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Cuban rock iguana

Cyclura nubila


Cyclura nubila, also known as the Cuban rock iguana, Cuban ground iguana, or Cuban iguana,[3] is a species of lizard of the iguana family. It is the largest of the West Indian rock iguanas (genus Cyclura), one of the most endangered groups of lizards. This herbivorous species with red eyes, a thick tail, and spiked jowls is one of the largest lizards in the Caribbean. The Cuban iguana is distributed throughout the rocky southern coastal areas of mainland Cuba and its surrounding islets with a feral population thriving on Isla Magueyes, Puerto Rico. It is also found on the Cayman Islands of Little Cayman and Cayman Brac, where a separate subspecies occurs. Females guard their nest sites and often nest in sites excavated by Cuban crocodiles. As a defense measure, the Cuban iguana often makes its home within or near prickly-pear cacti. Although the wild population is in decline because of predation by feral animals and habitat loss caused by human agricultural development, the numbers of iguanas have been bolstered as a result of captive-breeding and other conservation programs. Cyclura nubila has been used to study evolution and animal communication, and its captive-breeding program has been a model for other endangered lizards in the Caribbean. (Wiki)


The Cuban iguana is naturally distributed in rocky coastal areas on Cuba and throughout as many as 4,000 islets surrounding the Cuban mainland, including Isla de la Juventud off the southern coast, which has one of the most robust populations. Relatively safe populations are found on some islets along the north and south coasts and in isolated protected areas on the mainland. These include Guanahacabibes Biosphere Reserve in the west, Desembarco del Granma National Park, Hatibonico Wildlife Refuge, Punta Negra-Quemados Ecological Reserve, and Delta del Cauto Wildlife Refuge, all in eastern Cuba. Because of this wide distribution, accurate information about the number of distinct subpopulations of Cuban iguanas cannot be determined. The population on the US Naval Base at Guantánamo Bay has been estimated at 2,000 to 3,000 individuals, and the animals are treated well and protected by US forces stationed at the base. An unusual incident occurred when a detainee in the prison assaulted a guard with a bloody tail torn from a Cuban iguana in May 2005. The subspecies, Cyclura nubila caymanensis, is endemic to the "Sister Islands" of Little Cayman and Cayman Brac. The population on Cayman Brac is less than 50 of these animals and Little Cayman supports 1,500. A feral population of C. n. caymanensis has been established on Grand Cayman. The Cuban iguana makes its burrow near cacti or thistles, sometimes even within the cactus itself. These thorny plants offer protection and their fruit and flowers offer the iguanas food. In areas without cacti, the lizards make their burrows in dead trees, hollow logs, and limestone crevices. In the mid-1960s a small group of Cuban iguanas was released from a zoo on Isla Magueyes, southwest of Puerto Rico, forming an independent free-ranging feral population. As of 2000, there has been talk of removing or relocating this population of iguanas by the US Department of Interior. This feral population is the source for 90% of the captive Cuban iguanas held in private collections and was the source for part of a study on animal communication and evolution conducted by Emilia Martins, a biologist at Indiana University. Martins' study compared the head-bob displays from the source population on Cuba with these animals on Isla Magueyes. The durations and pauses were longer by as much as 350% in the feral population. In comparison, the blue iguana of Grand Cayman's head-bob displays differed from those of the animals on Cuba by only about 20%. The rapid change in display structure between the colony of animals on Isla Magueyes and those on Cuba illustrated the potential of small founding population size as a catalyst to evolution with regard to communication or display. In this case the difference was by only six generations at most. (Wiki)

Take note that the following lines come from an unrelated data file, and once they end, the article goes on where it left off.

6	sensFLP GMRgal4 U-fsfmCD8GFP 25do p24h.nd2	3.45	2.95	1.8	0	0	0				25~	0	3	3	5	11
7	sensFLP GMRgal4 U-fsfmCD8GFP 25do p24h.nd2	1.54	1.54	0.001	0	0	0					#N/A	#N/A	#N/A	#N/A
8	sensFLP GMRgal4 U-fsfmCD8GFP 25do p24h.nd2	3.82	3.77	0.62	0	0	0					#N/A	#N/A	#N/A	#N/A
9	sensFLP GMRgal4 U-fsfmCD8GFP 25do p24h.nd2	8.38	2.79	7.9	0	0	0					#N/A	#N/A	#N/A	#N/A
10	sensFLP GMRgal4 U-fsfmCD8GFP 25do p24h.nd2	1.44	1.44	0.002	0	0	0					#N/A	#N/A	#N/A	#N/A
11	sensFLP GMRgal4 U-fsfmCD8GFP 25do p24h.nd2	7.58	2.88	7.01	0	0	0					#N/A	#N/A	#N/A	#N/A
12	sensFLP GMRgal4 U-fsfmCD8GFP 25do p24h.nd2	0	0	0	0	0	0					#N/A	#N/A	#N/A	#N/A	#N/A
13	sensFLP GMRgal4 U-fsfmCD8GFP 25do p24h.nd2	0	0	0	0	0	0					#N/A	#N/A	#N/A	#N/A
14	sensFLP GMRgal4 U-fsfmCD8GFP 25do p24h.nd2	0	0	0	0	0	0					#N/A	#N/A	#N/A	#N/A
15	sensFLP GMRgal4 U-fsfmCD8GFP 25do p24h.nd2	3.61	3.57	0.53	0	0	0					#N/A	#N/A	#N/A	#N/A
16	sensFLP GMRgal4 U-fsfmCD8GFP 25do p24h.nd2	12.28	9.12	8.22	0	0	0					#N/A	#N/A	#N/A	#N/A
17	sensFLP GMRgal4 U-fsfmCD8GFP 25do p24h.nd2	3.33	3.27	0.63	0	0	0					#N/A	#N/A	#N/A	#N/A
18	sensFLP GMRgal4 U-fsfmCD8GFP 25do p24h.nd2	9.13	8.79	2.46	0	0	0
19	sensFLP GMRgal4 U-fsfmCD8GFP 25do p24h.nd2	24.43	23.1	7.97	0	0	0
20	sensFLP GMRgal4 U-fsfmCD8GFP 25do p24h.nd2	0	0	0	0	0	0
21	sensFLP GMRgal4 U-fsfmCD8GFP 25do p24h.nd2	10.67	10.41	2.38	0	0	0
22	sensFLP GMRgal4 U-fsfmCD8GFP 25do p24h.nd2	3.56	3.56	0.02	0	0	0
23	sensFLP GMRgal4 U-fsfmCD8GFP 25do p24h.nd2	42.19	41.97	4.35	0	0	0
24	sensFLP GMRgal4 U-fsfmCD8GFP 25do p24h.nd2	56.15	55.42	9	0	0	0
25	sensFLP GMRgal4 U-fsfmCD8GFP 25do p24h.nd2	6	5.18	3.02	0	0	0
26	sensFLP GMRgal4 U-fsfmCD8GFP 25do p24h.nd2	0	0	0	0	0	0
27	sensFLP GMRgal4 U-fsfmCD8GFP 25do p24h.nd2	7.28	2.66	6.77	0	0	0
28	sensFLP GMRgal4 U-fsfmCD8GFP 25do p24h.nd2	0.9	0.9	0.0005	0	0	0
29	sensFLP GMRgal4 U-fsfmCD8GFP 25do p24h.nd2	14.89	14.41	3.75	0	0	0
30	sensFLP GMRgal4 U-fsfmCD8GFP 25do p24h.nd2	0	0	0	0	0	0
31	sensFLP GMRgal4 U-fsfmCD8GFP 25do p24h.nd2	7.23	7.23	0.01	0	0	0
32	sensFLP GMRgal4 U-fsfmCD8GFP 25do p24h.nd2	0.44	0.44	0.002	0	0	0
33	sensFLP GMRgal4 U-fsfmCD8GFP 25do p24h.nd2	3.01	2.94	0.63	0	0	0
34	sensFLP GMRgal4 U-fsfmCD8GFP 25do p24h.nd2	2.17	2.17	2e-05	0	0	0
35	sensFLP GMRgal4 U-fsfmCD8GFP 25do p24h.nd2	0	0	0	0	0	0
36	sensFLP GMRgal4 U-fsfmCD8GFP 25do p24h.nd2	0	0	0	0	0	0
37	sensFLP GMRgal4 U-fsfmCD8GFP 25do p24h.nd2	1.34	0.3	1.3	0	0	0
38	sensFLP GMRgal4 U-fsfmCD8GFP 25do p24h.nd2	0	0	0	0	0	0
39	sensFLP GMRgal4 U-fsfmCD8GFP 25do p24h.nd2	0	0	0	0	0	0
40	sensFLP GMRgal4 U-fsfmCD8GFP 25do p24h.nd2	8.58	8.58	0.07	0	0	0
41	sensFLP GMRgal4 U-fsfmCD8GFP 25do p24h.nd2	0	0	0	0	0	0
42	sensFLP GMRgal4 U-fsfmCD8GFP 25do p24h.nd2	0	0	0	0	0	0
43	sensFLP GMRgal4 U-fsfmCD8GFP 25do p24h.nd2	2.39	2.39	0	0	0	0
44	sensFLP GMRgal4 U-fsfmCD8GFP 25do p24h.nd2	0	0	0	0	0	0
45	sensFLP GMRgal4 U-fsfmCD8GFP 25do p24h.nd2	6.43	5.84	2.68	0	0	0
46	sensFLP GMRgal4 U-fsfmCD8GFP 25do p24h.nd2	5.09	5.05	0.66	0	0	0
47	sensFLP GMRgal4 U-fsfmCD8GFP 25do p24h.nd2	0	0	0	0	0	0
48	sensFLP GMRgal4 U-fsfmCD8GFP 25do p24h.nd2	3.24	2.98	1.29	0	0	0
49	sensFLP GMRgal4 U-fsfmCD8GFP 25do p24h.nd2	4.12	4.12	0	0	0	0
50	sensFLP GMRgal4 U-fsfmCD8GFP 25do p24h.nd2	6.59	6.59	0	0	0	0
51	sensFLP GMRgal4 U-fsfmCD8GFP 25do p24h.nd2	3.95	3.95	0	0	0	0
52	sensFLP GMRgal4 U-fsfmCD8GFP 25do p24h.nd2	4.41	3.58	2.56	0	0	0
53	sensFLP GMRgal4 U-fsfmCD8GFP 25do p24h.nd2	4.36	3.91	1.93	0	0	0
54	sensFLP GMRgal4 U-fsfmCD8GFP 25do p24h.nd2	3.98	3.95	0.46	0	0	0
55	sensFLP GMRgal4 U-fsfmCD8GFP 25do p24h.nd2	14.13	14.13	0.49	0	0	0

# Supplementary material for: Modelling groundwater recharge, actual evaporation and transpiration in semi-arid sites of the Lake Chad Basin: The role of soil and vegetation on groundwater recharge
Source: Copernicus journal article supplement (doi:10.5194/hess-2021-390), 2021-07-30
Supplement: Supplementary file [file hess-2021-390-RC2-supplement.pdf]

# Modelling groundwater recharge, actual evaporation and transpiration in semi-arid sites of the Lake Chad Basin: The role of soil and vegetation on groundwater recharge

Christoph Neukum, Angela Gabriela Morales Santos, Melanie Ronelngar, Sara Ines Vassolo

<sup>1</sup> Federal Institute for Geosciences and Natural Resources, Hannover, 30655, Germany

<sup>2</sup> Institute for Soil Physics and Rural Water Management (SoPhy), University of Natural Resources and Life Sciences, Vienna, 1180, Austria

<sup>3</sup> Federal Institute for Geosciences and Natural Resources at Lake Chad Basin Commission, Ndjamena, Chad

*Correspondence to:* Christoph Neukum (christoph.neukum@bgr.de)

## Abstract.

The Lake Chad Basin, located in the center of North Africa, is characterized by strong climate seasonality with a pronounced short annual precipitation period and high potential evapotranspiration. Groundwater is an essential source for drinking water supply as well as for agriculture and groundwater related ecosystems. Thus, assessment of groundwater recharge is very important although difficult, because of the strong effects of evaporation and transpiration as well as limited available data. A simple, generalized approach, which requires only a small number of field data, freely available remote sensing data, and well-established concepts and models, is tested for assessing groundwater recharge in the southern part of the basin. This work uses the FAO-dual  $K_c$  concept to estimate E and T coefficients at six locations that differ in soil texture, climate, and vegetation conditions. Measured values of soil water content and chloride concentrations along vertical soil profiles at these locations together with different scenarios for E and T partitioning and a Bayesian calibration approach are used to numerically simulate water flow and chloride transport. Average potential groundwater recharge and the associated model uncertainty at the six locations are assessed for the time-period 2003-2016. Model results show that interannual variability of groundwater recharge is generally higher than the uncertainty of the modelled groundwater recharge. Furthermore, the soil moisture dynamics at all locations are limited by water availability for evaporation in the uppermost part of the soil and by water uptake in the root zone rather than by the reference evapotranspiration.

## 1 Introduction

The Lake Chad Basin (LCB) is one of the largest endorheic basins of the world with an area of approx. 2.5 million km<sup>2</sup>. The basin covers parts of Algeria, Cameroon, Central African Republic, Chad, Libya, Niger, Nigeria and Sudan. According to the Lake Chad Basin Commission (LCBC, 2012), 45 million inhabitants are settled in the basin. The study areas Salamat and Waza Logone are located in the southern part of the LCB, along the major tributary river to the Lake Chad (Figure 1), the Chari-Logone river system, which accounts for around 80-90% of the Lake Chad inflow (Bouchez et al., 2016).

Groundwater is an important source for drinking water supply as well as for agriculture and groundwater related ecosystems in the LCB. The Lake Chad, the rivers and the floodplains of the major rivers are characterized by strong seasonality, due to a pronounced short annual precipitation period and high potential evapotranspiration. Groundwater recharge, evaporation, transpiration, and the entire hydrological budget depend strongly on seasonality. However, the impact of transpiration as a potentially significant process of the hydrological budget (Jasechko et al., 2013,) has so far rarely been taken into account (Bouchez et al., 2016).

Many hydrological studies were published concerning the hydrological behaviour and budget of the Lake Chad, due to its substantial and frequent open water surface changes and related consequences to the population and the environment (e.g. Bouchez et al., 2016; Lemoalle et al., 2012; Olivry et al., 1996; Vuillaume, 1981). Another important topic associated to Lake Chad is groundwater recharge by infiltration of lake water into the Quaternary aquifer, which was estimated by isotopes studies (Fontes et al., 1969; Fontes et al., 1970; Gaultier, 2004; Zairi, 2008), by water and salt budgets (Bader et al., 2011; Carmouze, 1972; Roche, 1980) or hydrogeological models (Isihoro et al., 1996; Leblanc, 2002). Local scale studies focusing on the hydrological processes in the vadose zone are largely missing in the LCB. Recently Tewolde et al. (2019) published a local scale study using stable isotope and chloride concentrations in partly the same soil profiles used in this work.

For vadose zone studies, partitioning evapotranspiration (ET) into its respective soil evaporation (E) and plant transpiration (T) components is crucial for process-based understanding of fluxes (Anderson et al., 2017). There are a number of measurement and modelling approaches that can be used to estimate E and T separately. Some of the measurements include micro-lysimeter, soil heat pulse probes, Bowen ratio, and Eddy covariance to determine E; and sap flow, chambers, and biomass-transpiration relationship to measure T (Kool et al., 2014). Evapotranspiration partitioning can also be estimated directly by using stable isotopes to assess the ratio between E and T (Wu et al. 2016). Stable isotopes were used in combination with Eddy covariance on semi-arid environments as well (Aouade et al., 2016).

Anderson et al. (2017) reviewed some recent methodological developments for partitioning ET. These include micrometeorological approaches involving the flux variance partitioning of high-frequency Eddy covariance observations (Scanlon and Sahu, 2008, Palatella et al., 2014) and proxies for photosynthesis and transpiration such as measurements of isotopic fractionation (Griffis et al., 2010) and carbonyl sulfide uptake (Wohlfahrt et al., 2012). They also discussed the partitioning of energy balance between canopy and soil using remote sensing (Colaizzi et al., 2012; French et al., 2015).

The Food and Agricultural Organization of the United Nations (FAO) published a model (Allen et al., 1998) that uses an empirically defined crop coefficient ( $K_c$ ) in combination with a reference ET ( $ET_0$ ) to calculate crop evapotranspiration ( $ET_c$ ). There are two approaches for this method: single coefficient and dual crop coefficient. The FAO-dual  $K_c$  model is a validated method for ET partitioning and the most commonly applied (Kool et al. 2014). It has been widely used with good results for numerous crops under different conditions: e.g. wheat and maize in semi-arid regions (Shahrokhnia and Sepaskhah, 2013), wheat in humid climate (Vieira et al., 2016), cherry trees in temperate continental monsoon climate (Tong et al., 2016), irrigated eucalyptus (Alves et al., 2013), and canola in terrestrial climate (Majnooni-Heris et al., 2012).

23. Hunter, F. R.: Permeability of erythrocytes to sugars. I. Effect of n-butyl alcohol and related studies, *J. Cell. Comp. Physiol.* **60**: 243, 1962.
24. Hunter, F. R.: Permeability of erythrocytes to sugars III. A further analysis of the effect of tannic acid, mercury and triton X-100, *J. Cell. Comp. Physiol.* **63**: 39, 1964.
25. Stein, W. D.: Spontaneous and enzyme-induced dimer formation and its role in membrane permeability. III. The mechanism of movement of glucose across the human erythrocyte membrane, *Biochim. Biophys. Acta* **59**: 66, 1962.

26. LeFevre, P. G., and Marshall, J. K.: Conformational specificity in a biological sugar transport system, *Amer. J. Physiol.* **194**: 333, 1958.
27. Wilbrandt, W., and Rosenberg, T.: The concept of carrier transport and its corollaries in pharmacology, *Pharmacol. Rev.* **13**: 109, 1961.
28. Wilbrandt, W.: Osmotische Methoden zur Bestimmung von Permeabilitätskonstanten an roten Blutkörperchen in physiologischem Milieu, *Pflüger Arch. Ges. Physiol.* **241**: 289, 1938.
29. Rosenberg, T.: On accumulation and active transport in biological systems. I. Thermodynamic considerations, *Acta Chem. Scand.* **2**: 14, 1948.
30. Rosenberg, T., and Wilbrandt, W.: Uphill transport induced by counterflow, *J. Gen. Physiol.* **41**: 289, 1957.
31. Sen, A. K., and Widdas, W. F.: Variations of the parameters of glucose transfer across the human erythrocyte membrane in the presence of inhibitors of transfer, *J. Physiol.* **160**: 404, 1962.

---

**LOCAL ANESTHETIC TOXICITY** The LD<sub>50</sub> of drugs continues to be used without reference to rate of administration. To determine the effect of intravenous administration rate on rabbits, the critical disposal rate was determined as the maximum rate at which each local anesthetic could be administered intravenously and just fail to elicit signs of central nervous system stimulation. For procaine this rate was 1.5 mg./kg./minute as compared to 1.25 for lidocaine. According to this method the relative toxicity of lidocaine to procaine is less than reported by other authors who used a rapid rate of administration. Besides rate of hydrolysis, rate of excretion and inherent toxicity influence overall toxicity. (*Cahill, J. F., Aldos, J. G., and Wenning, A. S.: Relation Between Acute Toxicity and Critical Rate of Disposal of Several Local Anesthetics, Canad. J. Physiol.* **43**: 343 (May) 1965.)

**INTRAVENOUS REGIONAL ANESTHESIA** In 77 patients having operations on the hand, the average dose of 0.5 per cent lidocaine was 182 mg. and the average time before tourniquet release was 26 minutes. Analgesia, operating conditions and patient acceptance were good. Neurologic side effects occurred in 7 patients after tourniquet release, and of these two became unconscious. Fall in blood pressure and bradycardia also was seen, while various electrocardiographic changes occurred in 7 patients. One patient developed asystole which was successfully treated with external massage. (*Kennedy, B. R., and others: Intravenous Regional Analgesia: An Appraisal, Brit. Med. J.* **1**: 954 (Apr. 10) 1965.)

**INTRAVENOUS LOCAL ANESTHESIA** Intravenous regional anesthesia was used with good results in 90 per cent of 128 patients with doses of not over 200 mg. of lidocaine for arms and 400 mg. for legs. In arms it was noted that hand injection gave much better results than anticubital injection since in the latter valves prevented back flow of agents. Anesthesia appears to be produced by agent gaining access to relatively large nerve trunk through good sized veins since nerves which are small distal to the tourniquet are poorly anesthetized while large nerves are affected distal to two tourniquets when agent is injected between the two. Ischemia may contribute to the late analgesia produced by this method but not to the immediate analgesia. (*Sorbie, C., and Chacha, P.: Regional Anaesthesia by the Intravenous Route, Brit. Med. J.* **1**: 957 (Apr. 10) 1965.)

Spotted in the Gunanahacabibes National Park in Cuba.

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Pinar del Río, Cuba

Spotted on Apr 1, 2008
Submitted on Jan 1, 2012

Spotted for Mission

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